Wiki Tweets Can Be Used Against Manning

     FT. MEADE, Md. (CN) – Prosecutors trying to convict Pfc. Bradley Manning of “aiding the enemy” can use a pair of Twitter postings they say Manning consulted before sending files to WikiLeaks, a military judge ruled.
     Months before his trial, the 25-year-old soldier acknowledged he uploaded more than 700,000 files, including diplomatic cables, incident reports from wars in Iraq and Afghanistan, profiles of Guantanamo detainees, and a video of an airstrike in Baghdad that WikiLeaks titled “Collateral Murder.”
     In making that statement, he insisted that nobody at WikiLeaks pressured him to send more documents. Prosecutors’ claims to the contrary largely hinge upon two Tweets they pulled from a Google cache.
     A Jan. 8, 2010, post states: “Have encrypted videos of US bomb strikes on civilians http://bit.ly/wlafghan2 we need super computer time http://ljsf.org.”
     Prosecutors said the first post connects Manning to the disclosure of video taken from an airstrike on the Farah province of Afghanistan that reportedly killed an estimated 86 to 147 civilians.
     Another, dated May 7, 2010, announced: “We would like a list of as many .mil email addresses as possible. Please contact editor@wikileaks.org.”
     The latter supposedly ties Manning to the compromise of a “Global Address List” of tens of thousands of armed service members in Iraq. Prosecutors say that the addresses could be used for “spearphishing” operations outsiders use to hack into military networks. Manning denies ever sending this list to anyone, though he acknowledges downloading it.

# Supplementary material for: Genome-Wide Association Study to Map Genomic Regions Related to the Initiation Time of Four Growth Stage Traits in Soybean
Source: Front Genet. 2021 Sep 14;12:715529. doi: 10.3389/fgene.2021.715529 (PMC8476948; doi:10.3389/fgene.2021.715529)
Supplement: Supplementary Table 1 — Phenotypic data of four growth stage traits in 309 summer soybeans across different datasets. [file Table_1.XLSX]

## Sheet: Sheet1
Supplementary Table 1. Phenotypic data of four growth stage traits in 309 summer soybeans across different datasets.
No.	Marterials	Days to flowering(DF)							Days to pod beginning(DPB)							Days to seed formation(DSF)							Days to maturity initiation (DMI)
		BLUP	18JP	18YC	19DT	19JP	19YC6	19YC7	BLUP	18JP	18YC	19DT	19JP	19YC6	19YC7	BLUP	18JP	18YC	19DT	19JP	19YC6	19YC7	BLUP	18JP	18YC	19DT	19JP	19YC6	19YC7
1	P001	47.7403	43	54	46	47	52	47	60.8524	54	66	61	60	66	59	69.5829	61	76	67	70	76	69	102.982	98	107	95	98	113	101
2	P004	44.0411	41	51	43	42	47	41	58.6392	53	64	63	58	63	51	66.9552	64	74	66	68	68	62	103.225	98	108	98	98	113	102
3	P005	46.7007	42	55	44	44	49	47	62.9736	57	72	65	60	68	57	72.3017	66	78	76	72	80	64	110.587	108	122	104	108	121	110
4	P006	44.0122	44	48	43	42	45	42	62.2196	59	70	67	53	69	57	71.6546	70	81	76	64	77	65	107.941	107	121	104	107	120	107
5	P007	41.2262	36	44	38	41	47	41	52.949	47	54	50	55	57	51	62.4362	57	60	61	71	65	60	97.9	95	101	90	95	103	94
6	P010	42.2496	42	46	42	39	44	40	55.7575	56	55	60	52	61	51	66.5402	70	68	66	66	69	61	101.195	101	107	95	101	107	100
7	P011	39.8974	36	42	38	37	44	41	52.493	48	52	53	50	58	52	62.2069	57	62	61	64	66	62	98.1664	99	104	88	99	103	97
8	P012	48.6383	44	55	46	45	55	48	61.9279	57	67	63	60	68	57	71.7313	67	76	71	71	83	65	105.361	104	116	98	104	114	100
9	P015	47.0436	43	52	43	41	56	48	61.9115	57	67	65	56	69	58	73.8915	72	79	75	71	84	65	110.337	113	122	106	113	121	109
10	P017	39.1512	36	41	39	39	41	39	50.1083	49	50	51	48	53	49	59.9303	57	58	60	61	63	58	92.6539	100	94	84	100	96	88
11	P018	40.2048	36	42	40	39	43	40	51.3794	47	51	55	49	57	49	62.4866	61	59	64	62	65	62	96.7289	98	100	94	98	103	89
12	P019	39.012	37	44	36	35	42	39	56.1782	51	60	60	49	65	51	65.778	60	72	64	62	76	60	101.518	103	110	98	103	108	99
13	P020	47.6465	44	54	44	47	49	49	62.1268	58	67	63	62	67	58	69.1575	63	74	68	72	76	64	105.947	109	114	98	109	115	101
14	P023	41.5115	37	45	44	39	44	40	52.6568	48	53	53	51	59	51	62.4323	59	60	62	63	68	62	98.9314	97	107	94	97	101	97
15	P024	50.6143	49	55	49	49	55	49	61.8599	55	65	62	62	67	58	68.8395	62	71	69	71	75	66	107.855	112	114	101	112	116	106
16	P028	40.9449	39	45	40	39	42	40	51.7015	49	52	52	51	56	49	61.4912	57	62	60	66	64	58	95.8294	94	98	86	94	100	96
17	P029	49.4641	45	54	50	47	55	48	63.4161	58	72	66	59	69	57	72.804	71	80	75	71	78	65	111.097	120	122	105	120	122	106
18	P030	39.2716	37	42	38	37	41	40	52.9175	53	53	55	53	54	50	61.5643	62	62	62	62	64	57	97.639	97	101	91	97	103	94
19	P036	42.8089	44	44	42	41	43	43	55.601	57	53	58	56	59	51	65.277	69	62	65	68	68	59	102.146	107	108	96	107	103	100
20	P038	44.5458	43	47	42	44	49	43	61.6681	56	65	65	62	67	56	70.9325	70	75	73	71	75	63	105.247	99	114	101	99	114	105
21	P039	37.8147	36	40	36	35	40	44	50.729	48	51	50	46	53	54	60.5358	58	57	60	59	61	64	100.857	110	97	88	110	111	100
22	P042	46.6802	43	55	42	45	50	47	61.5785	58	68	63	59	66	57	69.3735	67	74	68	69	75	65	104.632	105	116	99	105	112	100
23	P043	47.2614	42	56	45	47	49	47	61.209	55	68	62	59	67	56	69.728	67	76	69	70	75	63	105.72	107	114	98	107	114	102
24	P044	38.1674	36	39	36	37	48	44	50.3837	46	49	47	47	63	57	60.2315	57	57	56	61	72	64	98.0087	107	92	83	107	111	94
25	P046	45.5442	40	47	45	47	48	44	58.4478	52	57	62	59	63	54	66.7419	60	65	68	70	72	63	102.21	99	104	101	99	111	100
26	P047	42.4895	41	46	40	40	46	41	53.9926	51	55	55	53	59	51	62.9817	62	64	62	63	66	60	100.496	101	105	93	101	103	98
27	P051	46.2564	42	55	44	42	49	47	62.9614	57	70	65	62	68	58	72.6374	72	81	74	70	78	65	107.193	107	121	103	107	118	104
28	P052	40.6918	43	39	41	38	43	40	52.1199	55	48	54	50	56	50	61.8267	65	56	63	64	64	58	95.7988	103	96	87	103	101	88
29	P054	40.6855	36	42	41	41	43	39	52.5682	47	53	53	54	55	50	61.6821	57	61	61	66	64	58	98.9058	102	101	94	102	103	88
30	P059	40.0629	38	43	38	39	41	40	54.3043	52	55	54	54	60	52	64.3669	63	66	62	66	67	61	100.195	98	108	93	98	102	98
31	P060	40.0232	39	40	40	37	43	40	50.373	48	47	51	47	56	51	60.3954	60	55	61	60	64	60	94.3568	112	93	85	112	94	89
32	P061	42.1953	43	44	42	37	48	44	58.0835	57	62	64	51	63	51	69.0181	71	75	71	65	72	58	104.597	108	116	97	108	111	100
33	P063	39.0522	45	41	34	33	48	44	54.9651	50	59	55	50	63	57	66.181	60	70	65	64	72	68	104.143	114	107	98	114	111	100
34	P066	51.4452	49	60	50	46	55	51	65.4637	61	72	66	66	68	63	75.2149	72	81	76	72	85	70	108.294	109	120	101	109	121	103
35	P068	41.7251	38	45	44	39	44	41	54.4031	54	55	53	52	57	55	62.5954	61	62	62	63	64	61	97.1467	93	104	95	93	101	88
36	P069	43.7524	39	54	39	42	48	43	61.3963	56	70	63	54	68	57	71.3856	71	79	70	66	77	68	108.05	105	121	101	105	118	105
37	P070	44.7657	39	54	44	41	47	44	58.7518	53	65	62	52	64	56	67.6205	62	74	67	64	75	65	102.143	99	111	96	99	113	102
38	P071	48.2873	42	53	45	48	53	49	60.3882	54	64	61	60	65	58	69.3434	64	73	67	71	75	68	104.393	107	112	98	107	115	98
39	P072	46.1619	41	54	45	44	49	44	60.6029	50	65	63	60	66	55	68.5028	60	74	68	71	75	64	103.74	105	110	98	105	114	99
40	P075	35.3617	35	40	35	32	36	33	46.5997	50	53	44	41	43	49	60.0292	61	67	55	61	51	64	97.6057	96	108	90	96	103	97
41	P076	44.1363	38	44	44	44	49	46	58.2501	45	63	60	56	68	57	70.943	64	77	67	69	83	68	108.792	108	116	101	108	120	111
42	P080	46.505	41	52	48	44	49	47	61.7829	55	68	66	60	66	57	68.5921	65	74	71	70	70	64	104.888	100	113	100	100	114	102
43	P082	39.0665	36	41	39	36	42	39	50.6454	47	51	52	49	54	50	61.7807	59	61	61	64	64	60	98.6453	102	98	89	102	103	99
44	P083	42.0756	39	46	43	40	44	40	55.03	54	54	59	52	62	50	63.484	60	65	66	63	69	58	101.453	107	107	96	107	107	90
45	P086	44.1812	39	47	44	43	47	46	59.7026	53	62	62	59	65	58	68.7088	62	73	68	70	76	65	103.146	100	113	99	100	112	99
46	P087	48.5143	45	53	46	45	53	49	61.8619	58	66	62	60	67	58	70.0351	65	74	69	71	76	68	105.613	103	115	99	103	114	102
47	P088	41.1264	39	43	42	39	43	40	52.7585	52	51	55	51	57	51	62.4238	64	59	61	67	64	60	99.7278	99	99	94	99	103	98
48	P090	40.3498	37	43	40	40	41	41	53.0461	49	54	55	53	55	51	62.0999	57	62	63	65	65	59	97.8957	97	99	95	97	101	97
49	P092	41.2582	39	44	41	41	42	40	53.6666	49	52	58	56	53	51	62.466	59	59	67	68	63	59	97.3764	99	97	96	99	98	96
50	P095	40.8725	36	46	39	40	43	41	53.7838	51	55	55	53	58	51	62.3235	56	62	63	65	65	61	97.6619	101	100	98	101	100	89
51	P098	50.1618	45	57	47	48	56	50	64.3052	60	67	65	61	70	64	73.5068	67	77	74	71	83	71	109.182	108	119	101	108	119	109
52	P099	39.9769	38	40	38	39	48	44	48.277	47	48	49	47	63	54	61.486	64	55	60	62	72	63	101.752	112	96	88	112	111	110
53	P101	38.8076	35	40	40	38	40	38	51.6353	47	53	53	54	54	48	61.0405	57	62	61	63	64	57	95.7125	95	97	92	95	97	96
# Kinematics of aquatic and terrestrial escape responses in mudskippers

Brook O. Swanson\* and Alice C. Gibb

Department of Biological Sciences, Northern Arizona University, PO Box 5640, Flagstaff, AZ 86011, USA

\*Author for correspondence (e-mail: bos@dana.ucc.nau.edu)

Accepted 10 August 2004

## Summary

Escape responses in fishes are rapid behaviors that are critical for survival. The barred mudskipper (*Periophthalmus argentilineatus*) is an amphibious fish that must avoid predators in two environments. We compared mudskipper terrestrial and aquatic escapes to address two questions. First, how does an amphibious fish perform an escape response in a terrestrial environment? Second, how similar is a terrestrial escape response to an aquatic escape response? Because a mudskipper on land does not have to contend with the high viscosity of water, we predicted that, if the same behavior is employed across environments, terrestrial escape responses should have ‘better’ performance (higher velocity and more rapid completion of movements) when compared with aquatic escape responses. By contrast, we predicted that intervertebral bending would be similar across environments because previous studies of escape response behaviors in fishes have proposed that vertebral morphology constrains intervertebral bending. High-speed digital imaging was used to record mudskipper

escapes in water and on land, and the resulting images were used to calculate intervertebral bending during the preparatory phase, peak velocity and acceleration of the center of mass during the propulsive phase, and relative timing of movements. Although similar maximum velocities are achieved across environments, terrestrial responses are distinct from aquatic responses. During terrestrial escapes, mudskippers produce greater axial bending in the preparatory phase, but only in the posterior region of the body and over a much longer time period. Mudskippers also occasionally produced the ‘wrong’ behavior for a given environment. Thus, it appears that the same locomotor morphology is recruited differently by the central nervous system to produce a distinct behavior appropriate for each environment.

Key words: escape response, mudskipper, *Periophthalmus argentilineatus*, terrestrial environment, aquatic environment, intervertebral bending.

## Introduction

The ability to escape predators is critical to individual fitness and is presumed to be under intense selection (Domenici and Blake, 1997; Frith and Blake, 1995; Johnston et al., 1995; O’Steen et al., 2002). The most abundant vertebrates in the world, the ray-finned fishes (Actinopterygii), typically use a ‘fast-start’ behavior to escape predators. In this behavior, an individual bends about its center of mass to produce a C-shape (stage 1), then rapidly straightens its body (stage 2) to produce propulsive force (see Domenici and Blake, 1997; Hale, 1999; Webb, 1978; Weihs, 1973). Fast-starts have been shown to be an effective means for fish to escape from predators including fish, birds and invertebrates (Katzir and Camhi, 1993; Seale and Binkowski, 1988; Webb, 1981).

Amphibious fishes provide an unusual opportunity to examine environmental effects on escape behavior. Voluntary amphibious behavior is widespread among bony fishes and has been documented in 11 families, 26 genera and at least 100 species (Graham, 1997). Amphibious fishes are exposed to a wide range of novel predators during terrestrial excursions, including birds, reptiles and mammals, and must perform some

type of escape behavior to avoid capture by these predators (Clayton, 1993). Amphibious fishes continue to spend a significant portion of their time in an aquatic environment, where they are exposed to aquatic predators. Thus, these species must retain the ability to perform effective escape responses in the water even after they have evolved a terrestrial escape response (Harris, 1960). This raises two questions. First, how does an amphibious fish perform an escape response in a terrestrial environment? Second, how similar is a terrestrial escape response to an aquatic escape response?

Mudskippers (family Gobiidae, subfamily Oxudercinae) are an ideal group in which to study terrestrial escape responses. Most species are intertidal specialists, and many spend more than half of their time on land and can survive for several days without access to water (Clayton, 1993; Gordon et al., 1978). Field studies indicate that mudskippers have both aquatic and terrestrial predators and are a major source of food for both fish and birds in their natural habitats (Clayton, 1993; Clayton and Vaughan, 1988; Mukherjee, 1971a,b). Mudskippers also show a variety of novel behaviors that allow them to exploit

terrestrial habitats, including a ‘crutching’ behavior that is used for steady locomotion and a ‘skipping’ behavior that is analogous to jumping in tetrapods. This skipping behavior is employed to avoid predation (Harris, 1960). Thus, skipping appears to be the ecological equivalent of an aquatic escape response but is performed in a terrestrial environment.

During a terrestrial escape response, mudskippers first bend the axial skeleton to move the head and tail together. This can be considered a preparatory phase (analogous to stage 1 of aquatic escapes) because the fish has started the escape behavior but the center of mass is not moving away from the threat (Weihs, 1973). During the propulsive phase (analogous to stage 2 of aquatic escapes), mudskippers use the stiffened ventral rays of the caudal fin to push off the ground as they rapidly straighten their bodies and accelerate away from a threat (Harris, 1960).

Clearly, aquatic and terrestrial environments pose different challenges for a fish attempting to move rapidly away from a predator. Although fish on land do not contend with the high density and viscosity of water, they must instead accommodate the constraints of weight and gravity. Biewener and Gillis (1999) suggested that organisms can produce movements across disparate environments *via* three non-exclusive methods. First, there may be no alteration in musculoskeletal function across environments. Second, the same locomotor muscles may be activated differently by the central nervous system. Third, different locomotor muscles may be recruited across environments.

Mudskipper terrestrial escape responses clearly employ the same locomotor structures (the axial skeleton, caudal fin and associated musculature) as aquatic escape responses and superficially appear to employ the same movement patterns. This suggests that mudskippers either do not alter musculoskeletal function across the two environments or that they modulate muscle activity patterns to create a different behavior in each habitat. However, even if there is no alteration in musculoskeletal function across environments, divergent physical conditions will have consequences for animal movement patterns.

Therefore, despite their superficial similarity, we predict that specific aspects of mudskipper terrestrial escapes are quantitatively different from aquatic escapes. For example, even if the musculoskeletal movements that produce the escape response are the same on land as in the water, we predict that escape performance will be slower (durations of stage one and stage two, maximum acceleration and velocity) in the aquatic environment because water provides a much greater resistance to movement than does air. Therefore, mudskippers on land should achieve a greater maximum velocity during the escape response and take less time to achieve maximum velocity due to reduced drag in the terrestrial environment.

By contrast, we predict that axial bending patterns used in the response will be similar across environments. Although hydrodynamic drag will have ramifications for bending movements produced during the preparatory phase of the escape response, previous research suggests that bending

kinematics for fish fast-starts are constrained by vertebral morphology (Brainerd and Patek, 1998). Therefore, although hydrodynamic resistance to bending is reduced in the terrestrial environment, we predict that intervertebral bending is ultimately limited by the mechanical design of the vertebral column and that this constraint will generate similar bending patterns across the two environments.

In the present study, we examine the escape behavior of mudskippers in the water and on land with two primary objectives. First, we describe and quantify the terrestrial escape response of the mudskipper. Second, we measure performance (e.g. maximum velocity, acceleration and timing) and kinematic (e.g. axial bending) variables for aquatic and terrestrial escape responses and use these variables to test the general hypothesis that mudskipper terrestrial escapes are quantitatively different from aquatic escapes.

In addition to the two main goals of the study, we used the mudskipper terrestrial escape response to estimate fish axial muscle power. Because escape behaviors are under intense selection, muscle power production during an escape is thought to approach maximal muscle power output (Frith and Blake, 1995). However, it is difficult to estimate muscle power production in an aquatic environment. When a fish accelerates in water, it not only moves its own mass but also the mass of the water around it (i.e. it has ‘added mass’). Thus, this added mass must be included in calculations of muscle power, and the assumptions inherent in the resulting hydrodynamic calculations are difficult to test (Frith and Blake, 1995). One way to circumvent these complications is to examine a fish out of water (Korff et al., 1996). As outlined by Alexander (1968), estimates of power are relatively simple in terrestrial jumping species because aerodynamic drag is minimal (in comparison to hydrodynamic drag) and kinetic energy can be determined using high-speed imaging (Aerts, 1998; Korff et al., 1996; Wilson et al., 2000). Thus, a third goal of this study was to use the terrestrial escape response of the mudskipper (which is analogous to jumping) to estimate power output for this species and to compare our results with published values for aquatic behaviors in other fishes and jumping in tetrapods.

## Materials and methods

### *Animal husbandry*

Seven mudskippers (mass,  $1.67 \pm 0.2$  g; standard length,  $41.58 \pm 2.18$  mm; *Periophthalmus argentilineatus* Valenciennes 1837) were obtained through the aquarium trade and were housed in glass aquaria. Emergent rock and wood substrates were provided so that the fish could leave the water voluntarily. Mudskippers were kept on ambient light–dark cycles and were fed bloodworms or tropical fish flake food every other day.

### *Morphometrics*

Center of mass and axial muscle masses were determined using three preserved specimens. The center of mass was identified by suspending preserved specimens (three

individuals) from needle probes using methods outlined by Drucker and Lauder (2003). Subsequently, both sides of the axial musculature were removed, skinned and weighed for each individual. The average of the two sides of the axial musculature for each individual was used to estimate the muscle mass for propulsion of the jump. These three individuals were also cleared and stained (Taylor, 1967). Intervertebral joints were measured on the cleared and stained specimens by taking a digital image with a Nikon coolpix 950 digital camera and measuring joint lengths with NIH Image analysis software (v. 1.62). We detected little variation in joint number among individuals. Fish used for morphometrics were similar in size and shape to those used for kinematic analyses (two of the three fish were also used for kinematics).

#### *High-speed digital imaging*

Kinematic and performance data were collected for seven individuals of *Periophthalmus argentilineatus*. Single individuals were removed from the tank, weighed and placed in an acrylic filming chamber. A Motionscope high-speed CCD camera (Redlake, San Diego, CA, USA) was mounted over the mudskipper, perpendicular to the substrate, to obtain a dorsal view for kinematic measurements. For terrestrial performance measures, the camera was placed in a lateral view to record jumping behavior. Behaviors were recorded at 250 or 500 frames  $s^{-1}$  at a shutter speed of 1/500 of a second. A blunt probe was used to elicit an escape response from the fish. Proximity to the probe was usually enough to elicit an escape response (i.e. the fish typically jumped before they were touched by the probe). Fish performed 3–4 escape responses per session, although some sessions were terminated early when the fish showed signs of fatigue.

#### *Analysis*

WikiLeaks never published the Farah video, or the address list.
     The government also hoped to authenticate a list of so-called “Most-Wanted Leaks” WikiLeaks published in 2009.
     Although government experts never found forensic evidence that Manning viewed the Tweets, or the “Most-Wanted” list, prosecutors theorize that the reason for this is that Manning wiped his computer in January 2010, and clicked on the “Private Browsing” tab of his computer. They propose that Manning could have viewed this during his many searches for WikiLeaks.
     Manning’s attorneys hoped the military judge, Col. Denise Lind, would shelve the evidence as inadmissible hearsay because the government analyst found it through a Google search, not the Twitter feed directly. They added that the lack of a data trail confirming their client viewed them made them irrelevant.
     The colonel ruled Friday, however, that the government can submit the Tweets as circumstantial evidence Manning may have viewed during his prodigious Wiki research.
     The “Most-Wanted Leaks” list, on the other hand, could not be verified because it was pulled from a cached archive. An official from the website that maintained the archive told the court that it populated this collection from third-party donations.
     Defense attorneys plan to offer their own “Most-Wanted” lists, pulled directly from the WikiLeaks website, which presumably will show that the requested leaks do not match those that Manning disclosed.

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